Good guy, bad guy, hero, villain – this is the mother’s milk of sports.
Boxer Muhammed Ali was charismatic and appealing. His foe Joe Frazer was boorish and crude. Celtic Bill Russell played with grace and intelligence. Huge, hulking Wilt Chamberlain, less so. Whatever trail-blazing Martina Navratilova might do, she could not dent the sugar-sweet popularity of proud ‘n perky Chrissie Evert.
In this day and age, as our philosopher king Andre Agassi has told us, “image is everything,” and the Aussie Open final featured too ships going in different directions.
Li Na is an inexplicable superstar. For decades, China has had a certain huge, anonymous, inaccessible quality. Yes, your grandfather’s China is long gone: the Red menace, the Little Red Book and the Cultural Revolution but distant memories.
Today we have the Li Na revolution.
From a vast nation of huge cities you never heard of, a language few can master and changes you can’t grasp, comes a woman with a round brown Buddhist face, a charm that endears, broken English that captivates and an unvarnished candor that cuts through all the sound-bite spin.
The most enchanting player since giggly young Jennifer Capriati, Li has 10 million Twitter followers, and her key matches draw 120 million Chinese viewers. Some may view China through the lens of cheap sneakers and Walmart bargains. But Li defies the mass stereotype and gives face (brimming with character and often beaming) to a mighty culture.
In contrast, when young Vika Azarenka comes on court, she sports a hoodie that partially hides her severe face. For all her youth, athleticism and off-court jolliness; for all her achievement and an appealing backstory of a lost youth sacrificed to ambition, an old-school granny who put her woe-is-me struggles in clear, tough-love perspective and a wild rocker pal, she has an image problem that will take some nifty retooling to fix.
After all, tennis’ queen Victoria has a win-at-all-costs, Lendl-like intensity. And, in addition to her take-no-prisoners ‘tude, she emits those piercing, karate-like shrieks that impose auditory pain and invite satire. Worse than that, she suffered a PR free-fall when, deep into her semi, she faltered in closing out the charming teen whiz Sloane Stephens and, when clearly her foe had gained all the momentum, she walked off court.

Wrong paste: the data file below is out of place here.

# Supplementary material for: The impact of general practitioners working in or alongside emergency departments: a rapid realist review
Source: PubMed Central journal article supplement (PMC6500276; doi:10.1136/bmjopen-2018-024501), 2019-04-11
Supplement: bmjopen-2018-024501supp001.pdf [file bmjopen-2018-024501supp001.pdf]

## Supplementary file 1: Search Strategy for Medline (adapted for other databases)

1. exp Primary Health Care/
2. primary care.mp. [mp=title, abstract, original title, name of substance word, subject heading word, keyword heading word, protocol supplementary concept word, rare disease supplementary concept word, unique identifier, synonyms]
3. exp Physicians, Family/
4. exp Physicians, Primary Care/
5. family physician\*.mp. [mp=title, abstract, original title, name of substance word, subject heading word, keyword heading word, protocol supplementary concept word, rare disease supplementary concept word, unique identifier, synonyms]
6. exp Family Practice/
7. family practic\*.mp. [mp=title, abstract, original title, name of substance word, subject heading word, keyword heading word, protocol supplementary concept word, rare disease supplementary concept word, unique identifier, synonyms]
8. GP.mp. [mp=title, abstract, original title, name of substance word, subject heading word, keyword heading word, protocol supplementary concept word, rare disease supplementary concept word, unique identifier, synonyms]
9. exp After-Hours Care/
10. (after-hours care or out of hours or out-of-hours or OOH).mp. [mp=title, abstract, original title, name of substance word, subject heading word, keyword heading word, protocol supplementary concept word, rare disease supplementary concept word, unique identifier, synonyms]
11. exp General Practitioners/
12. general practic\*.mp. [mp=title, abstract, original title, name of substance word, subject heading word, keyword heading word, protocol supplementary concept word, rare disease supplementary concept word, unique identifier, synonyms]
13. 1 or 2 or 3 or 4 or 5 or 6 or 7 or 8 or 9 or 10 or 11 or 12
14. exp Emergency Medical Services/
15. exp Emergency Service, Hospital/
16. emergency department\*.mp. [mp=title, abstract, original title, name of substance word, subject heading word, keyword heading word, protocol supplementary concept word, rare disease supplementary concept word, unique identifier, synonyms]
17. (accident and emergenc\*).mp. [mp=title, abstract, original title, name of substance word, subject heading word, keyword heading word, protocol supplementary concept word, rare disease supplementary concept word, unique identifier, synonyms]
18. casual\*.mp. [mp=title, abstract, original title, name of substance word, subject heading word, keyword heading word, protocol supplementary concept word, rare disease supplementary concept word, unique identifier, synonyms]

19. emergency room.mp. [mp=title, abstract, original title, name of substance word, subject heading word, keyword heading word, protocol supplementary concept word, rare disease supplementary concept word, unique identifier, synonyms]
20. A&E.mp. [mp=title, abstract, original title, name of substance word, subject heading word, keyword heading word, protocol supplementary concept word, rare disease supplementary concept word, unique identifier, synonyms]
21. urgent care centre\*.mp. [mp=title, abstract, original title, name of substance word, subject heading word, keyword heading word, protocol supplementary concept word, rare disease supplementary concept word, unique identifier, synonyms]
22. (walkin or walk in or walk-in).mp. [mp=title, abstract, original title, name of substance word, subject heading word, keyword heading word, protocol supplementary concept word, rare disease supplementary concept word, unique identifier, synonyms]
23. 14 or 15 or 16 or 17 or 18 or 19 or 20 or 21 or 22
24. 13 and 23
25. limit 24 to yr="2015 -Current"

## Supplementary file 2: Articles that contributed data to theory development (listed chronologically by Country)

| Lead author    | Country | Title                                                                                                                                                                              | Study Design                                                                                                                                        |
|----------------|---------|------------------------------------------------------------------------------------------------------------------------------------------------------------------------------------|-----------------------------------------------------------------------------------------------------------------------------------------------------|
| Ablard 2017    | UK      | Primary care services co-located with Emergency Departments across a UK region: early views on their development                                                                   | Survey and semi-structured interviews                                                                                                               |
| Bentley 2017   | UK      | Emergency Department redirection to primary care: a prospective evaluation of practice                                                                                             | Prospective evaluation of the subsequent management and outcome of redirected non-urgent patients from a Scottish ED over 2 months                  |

At first Vika said she just needed to calm down. “I almost did the choke of the year,” she confided. “I just felt a little bit overwhelmed … and nerves got into me, for sure.” Seemingly she just needed to gain her composure. But later on, as her handlers looked on, she explained that it was all caused by a rib that locked up on her. Perhaps so, still the press and fans alike ribbed her. Okay kid, you didn’t break the law, but you violated the spirit of the rules and the very notion of fair play. Pam Shriver told the New York Times that “everybody’s appalled.” Pat McEnroe added that it was an “absolute travesty.” No wonder the headlines read Melbourne vs. Victoria.
Life’s not easy, Vika.
And neither was her opponent. When Li Na wasn’t joking about her snoring husband or that it was the money that was motivating her, she went out and hired a considerable coach – Justine Henin’s beloved old mentor Carlos Rodriquez – who toughened her up and coached up both her forehand and her mindset. The 2011 French Open champ and Aussie Open finalist was arguably playing the best ball in the tournament as she dismissed Wimbledon finalist Agniezka Radwanska in the quarters and destroyed Maria Sharapova (who had only dropped 9 games coming into the semis) 6-2, 6-2.
In the final, Li used her new grips and old (30-year) legs to run Vika corner to corner and score an impressive 6-4 first-set win. But Azarenka is nothing if not a fighter, and she quickly raced to a 3-1 lead when Li suddenly twisted her untaped left ankle and fell to the ground awkwardly.
How bizarre. Azarenka, who kept Stephens waiting in the semis, was now kept waiting. Then again this match would prove to be – not the most important final, not the most dramatic final – but certainly the most bizarre major final in memory. Here we had young vs. old and the sweet Li vs. sour Vika storylines, the gamesmanship brouhaha, two different injury scares, including Li banging her head on the court, and an untimely nine-minute holiday fireworks show.
No wonder commentator Eleanor Preston asked, “Are there any UFOs landing?”
But, in the end, there were no landings, and nothing would stop Vika, who overcame a vein-bulging crowd howling for her foe, three lengthy delays, a torrent of fierce Li winners and her own sketchy play. Gaining confidence, Vika served big under pressure, found her range and stayed true to her “just win baby” mission to score a throaty 4-6, 6-4, 6-3 win before, at last, she let it all out.
Tears flowing, her chest heaving, the 23-year old couldn’t stop sobbing. After all, she had defended her title. She was now unofficially the best hardcourt player in the game, and she was still ranked No. 1.
But did this make the suddenly human 23-year old No. 1 in the hearts of fans?
Hardly. “I keep wanting to warm up to her,” said broadcaster Chris Bowers. “But, it’s not easy.” Neither was Vika’s defense of her Aussie Open crown.